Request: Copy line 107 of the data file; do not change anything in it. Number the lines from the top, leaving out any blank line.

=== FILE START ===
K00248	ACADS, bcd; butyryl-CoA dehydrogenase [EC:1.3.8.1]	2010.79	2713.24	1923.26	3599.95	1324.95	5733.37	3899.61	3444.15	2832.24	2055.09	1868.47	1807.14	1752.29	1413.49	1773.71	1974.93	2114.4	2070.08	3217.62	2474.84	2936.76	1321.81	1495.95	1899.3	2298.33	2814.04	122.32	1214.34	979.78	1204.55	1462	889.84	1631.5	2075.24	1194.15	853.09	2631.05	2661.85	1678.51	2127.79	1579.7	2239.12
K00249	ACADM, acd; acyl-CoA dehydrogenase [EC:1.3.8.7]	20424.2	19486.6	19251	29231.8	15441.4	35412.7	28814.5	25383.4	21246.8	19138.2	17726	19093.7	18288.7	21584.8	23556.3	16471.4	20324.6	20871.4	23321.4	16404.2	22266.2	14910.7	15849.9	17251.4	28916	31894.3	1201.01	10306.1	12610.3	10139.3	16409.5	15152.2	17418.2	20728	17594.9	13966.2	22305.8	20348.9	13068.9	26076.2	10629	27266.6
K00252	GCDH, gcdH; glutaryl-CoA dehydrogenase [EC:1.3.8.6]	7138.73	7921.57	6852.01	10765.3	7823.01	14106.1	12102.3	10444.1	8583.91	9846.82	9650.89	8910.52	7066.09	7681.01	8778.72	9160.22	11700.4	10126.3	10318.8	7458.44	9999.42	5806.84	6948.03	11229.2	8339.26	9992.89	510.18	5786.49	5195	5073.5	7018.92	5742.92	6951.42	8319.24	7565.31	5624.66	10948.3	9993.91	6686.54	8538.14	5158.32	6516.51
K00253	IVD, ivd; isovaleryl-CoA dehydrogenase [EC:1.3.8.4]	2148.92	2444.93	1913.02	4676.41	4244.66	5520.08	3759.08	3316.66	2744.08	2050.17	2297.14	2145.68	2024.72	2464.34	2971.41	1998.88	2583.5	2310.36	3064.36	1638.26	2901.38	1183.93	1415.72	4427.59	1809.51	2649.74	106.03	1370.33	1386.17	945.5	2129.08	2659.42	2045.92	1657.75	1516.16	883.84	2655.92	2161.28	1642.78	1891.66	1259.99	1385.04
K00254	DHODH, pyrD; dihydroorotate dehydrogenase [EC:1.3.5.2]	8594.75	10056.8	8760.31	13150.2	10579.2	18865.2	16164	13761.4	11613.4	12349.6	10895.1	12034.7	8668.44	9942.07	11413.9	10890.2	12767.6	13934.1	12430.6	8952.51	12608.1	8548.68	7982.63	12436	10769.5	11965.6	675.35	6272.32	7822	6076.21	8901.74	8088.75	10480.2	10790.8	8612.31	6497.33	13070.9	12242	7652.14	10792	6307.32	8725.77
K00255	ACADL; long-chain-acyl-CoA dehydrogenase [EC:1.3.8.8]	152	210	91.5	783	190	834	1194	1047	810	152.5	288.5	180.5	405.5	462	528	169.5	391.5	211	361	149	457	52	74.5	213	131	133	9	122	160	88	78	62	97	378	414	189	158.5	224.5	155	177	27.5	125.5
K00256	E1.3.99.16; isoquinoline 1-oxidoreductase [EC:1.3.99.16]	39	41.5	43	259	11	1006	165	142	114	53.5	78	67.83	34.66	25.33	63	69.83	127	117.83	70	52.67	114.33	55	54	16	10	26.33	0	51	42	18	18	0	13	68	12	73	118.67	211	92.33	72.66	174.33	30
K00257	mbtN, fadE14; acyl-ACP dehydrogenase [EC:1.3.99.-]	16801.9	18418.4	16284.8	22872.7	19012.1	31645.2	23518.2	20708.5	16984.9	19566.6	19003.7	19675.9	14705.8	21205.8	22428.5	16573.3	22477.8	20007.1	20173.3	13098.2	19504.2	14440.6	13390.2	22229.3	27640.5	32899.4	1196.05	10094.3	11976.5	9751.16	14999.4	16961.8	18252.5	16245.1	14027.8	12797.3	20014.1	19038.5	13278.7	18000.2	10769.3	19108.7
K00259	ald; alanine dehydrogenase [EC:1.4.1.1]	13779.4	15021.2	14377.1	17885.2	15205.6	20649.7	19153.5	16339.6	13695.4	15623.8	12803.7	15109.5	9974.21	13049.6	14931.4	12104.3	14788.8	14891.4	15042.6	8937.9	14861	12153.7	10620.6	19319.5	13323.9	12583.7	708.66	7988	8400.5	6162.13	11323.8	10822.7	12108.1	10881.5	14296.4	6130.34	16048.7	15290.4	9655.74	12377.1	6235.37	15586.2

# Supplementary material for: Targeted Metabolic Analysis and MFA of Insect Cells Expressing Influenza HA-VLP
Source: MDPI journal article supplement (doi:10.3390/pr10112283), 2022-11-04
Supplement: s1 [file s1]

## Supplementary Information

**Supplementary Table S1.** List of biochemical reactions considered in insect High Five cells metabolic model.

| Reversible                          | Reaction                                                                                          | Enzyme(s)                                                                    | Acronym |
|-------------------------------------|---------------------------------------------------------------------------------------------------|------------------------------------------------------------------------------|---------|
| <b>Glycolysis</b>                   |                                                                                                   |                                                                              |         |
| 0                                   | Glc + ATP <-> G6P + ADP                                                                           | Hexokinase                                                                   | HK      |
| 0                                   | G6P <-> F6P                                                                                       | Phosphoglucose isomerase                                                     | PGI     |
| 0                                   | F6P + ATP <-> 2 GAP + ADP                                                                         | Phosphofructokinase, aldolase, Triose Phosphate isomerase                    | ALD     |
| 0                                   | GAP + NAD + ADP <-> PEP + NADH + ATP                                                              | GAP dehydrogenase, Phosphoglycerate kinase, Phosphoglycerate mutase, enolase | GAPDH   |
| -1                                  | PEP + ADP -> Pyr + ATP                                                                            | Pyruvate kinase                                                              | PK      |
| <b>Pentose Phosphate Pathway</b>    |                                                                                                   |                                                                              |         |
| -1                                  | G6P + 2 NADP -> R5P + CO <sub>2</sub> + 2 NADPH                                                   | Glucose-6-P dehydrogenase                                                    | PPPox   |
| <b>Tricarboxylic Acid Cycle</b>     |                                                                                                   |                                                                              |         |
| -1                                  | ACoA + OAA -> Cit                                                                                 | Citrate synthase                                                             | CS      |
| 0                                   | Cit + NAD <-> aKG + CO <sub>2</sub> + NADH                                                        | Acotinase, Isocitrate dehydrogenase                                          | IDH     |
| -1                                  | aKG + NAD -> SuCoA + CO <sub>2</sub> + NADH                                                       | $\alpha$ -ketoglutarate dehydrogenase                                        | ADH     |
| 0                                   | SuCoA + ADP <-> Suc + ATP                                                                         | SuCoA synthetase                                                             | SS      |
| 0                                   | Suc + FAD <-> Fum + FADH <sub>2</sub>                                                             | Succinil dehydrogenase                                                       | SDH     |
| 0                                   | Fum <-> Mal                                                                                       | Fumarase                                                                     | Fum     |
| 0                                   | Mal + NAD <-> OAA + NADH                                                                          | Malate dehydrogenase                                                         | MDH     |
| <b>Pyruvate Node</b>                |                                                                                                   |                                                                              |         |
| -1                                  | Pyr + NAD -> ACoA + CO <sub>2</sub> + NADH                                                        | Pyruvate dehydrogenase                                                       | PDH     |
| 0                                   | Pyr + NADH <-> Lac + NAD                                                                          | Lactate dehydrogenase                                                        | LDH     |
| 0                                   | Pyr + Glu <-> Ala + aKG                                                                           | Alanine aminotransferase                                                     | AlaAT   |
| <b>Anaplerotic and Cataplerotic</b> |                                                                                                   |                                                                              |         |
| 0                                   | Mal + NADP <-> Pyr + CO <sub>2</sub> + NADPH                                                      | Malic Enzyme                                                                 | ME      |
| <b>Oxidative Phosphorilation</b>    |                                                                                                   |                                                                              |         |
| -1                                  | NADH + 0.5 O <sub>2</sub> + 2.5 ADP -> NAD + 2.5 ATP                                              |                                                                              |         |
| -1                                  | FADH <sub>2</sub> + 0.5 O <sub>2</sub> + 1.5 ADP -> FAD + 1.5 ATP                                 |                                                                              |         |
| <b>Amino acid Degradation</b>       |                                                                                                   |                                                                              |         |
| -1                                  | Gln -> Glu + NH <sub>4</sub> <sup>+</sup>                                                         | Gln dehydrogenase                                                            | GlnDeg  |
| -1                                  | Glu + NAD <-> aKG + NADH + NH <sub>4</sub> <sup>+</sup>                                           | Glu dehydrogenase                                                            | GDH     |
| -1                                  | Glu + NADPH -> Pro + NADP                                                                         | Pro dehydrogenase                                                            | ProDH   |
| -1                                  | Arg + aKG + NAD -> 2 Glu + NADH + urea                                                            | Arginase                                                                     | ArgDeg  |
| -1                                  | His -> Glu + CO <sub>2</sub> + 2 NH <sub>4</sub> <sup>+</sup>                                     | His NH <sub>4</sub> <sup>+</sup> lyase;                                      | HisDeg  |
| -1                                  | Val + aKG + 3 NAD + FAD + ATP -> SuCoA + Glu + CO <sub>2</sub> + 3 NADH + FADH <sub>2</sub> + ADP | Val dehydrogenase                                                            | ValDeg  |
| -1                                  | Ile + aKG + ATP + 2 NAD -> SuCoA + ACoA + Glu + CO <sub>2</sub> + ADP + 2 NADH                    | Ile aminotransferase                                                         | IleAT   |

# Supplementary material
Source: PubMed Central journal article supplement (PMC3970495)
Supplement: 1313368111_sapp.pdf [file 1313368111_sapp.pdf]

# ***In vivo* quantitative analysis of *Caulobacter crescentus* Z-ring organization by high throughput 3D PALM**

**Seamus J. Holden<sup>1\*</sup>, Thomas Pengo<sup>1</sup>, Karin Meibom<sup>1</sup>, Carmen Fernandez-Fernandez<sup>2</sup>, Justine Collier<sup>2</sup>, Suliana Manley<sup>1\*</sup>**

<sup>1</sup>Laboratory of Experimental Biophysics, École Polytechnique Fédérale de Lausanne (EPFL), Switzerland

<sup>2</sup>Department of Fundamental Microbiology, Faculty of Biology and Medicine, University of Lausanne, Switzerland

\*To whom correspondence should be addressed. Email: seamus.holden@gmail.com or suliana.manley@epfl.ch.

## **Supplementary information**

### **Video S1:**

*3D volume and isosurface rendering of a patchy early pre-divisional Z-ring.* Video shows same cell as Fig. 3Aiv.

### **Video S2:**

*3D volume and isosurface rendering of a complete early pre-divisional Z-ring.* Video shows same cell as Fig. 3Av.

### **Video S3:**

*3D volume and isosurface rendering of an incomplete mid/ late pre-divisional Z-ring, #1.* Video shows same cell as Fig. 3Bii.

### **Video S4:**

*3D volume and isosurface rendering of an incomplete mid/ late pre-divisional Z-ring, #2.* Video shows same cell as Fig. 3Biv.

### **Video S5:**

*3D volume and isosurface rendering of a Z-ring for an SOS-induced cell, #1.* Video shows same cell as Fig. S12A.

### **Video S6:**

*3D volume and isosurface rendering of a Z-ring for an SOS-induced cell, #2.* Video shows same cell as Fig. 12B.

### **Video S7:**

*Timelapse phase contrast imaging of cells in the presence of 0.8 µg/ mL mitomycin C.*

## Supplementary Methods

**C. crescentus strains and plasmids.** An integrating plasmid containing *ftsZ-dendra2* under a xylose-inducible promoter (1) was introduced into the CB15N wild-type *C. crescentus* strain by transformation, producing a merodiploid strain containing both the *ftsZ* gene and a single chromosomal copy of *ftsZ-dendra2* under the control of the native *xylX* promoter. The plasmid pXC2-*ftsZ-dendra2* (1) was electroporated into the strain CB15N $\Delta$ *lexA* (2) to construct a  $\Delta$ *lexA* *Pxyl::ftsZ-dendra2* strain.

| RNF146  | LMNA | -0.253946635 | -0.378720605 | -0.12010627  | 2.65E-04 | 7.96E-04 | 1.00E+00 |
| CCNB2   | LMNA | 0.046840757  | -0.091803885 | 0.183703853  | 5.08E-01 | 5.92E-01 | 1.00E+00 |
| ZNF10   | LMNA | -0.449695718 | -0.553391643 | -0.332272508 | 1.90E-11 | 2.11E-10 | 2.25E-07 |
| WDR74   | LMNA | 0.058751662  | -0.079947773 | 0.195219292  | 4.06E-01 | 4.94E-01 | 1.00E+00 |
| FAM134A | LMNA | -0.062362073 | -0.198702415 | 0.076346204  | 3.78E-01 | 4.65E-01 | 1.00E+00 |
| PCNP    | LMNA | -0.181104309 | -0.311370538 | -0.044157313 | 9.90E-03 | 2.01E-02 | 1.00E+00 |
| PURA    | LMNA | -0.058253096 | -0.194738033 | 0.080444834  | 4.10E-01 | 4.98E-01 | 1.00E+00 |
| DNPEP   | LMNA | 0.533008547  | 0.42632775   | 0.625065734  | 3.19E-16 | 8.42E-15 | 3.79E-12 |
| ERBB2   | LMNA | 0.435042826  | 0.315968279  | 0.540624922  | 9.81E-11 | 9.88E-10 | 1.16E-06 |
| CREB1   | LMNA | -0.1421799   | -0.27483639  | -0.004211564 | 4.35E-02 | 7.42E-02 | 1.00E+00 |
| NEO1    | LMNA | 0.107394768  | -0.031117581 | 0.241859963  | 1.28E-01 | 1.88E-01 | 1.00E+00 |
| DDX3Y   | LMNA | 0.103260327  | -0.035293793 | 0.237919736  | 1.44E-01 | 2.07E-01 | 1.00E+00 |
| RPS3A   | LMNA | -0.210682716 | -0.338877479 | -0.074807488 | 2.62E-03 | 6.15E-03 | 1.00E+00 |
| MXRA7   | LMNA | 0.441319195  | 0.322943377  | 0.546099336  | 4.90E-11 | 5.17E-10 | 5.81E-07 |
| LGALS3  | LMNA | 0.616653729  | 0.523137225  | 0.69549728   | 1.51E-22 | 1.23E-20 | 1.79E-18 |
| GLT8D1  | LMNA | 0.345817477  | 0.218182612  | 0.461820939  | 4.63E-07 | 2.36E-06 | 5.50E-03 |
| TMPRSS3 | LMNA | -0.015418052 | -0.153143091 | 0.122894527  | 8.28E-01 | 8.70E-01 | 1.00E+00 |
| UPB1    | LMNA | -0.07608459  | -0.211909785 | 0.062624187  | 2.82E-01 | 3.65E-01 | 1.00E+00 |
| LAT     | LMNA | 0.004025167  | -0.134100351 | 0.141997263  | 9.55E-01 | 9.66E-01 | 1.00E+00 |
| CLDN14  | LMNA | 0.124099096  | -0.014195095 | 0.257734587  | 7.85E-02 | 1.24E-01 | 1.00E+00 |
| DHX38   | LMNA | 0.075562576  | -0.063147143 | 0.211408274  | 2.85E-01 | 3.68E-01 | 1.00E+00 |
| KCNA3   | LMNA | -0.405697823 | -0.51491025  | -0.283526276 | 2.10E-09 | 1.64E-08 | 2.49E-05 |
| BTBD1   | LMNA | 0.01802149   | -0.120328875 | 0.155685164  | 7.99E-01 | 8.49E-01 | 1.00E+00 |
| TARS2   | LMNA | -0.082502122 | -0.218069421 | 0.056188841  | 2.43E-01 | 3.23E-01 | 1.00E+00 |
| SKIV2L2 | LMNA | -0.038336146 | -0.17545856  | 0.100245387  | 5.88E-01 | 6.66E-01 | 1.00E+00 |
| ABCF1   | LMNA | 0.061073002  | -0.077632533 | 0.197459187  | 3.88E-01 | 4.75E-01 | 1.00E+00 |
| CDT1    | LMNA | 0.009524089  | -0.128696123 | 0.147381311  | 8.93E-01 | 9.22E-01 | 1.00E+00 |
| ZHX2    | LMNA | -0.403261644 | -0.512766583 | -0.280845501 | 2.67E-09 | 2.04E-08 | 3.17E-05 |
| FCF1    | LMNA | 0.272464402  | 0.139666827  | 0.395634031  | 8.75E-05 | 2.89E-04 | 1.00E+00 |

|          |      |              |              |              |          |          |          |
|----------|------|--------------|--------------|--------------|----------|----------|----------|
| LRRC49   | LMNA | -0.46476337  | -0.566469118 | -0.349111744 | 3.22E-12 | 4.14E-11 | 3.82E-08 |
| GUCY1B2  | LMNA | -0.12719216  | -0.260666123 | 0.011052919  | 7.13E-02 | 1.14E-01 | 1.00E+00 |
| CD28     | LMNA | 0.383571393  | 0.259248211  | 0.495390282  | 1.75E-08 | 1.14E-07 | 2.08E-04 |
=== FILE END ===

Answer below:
| GUCY1B2  | LMNA | -0.12719216  | -0.260666123 | 0.011052919  | 7.13E-02 | 1.14E-01 | 1.00E+00 |